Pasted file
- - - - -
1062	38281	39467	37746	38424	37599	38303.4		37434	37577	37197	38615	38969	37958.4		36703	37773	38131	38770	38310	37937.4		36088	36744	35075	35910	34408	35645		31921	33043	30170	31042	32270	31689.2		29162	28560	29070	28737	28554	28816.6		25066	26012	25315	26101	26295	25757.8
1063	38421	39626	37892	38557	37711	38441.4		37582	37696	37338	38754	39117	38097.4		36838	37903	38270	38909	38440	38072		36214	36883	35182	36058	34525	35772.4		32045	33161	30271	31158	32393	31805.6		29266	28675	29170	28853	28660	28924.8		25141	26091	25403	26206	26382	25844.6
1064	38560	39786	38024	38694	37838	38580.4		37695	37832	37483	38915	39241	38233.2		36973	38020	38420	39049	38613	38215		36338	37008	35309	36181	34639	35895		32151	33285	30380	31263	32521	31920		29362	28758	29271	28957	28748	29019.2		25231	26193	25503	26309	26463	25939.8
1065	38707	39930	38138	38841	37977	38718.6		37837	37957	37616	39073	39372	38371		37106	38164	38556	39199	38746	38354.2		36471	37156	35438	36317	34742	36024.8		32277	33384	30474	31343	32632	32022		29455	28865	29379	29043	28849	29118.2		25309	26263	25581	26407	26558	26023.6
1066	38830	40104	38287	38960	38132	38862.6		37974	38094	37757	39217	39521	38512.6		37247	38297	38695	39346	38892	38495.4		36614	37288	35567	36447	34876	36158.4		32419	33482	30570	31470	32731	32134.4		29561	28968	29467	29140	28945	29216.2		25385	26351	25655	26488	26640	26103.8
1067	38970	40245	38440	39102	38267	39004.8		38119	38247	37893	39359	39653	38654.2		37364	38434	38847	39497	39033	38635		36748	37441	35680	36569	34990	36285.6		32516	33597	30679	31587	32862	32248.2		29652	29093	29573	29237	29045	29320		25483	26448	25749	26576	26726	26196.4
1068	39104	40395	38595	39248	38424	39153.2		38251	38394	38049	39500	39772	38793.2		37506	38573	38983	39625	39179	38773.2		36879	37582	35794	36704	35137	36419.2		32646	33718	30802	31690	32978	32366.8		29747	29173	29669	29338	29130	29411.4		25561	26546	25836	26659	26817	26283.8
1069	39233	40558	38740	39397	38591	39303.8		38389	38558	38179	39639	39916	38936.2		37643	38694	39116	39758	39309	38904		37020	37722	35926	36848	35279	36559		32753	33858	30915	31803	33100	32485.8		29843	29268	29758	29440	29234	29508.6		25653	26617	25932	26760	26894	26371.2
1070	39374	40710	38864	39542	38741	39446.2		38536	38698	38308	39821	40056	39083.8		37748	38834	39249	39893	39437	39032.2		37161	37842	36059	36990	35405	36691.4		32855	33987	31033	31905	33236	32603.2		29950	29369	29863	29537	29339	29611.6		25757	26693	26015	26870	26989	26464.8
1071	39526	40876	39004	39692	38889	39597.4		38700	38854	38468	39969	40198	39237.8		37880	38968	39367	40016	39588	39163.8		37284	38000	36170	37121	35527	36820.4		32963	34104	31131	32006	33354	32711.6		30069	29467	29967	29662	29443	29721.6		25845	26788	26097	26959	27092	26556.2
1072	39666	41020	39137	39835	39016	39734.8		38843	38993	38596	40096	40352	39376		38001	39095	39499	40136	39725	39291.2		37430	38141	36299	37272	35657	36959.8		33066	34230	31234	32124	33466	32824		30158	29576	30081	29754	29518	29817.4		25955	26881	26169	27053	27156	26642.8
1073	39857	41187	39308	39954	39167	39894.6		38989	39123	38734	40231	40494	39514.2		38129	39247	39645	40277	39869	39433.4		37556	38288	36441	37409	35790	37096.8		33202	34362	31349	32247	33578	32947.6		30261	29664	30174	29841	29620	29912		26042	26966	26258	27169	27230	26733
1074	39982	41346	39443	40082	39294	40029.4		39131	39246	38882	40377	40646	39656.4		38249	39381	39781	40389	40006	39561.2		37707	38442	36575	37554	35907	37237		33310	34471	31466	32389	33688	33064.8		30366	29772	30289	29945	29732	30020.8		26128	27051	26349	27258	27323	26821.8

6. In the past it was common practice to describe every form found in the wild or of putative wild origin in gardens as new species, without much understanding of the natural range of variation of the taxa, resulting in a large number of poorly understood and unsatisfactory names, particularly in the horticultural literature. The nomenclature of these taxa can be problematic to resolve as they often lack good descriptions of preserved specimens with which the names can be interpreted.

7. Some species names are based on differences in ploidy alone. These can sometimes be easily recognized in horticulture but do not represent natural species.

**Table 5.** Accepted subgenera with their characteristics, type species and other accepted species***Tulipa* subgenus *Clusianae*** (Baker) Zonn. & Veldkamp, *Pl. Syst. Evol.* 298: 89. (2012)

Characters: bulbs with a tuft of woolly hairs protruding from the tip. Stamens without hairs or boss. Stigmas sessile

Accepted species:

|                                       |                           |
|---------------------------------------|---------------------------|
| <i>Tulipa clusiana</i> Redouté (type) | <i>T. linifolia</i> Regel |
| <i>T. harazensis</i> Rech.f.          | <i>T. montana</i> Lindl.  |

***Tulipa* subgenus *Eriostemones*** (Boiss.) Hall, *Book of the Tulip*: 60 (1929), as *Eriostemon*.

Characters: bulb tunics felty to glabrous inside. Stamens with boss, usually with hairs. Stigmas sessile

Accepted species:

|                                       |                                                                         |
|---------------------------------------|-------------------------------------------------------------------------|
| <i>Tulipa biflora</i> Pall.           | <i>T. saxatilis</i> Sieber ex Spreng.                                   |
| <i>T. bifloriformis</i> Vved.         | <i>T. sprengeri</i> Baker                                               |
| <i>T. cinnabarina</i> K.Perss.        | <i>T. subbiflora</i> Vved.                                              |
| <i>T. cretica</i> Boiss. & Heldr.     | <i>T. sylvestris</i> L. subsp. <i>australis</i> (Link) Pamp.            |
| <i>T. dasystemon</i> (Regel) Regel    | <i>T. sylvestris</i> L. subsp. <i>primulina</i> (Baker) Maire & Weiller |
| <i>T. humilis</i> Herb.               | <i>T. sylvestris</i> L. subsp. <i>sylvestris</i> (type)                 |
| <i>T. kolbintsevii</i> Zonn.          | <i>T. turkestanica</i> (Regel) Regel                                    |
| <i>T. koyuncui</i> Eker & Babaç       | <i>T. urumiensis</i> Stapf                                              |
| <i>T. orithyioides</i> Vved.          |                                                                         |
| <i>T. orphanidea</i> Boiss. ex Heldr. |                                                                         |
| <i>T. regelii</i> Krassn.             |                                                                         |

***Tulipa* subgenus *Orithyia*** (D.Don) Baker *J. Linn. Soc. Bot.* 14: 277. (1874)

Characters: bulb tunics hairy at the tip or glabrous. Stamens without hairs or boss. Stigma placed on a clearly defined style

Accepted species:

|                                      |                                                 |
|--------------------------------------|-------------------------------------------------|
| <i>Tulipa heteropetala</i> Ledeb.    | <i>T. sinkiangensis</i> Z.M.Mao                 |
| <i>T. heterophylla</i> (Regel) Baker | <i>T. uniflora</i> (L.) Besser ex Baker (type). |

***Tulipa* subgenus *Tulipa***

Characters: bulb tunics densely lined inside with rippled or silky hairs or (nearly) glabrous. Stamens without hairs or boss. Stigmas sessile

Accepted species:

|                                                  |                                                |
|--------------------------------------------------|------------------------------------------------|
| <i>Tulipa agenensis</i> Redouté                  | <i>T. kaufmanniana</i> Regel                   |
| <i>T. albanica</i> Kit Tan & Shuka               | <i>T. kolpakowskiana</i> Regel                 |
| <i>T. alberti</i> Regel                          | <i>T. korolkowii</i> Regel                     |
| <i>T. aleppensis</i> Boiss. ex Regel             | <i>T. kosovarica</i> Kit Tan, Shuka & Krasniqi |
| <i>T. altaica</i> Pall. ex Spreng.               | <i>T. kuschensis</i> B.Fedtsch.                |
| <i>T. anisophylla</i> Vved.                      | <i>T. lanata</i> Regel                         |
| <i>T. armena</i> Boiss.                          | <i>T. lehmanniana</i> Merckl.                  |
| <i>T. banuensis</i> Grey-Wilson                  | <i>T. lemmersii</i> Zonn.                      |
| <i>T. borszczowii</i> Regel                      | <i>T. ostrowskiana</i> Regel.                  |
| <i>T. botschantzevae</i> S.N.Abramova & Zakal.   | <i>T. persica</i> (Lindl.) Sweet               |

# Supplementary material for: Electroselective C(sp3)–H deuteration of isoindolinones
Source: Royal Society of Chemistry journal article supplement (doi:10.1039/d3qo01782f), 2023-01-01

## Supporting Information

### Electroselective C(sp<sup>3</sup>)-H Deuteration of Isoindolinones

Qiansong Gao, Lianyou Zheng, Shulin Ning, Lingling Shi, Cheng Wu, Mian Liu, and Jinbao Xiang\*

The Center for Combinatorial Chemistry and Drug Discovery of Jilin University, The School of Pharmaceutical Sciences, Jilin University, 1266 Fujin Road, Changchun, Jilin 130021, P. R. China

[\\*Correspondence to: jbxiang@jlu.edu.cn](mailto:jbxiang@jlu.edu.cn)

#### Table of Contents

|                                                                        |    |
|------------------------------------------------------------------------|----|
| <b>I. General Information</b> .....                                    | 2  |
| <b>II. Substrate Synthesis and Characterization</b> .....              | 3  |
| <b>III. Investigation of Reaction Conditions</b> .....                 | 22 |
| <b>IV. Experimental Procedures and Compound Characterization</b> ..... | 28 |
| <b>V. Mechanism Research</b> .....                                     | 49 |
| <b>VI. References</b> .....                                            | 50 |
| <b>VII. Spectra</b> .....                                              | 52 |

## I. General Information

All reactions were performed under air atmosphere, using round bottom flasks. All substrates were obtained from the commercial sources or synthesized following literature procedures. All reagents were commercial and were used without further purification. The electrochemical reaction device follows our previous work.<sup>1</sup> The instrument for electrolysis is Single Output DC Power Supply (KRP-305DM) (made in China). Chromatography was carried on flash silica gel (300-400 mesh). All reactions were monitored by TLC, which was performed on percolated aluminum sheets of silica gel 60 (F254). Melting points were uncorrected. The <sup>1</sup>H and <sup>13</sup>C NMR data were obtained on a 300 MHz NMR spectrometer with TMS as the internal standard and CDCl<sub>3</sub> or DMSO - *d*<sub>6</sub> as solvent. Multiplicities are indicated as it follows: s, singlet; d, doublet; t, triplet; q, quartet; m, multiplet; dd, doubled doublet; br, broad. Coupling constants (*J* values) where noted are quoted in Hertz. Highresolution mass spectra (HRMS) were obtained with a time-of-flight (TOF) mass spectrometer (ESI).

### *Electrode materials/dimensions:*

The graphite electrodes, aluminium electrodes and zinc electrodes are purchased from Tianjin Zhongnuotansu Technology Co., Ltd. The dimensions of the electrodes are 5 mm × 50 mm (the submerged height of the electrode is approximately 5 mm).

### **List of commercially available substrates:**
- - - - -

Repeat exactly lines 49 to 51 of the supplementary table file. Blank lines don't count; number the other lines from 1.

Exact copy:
|                                                  |                                                |
|--------------------------------------------------|------------------------------------------------|
| <i>Tulipa agenensis</i> Redouté                  | <i>T. kaufmanniana</i> Regel                   |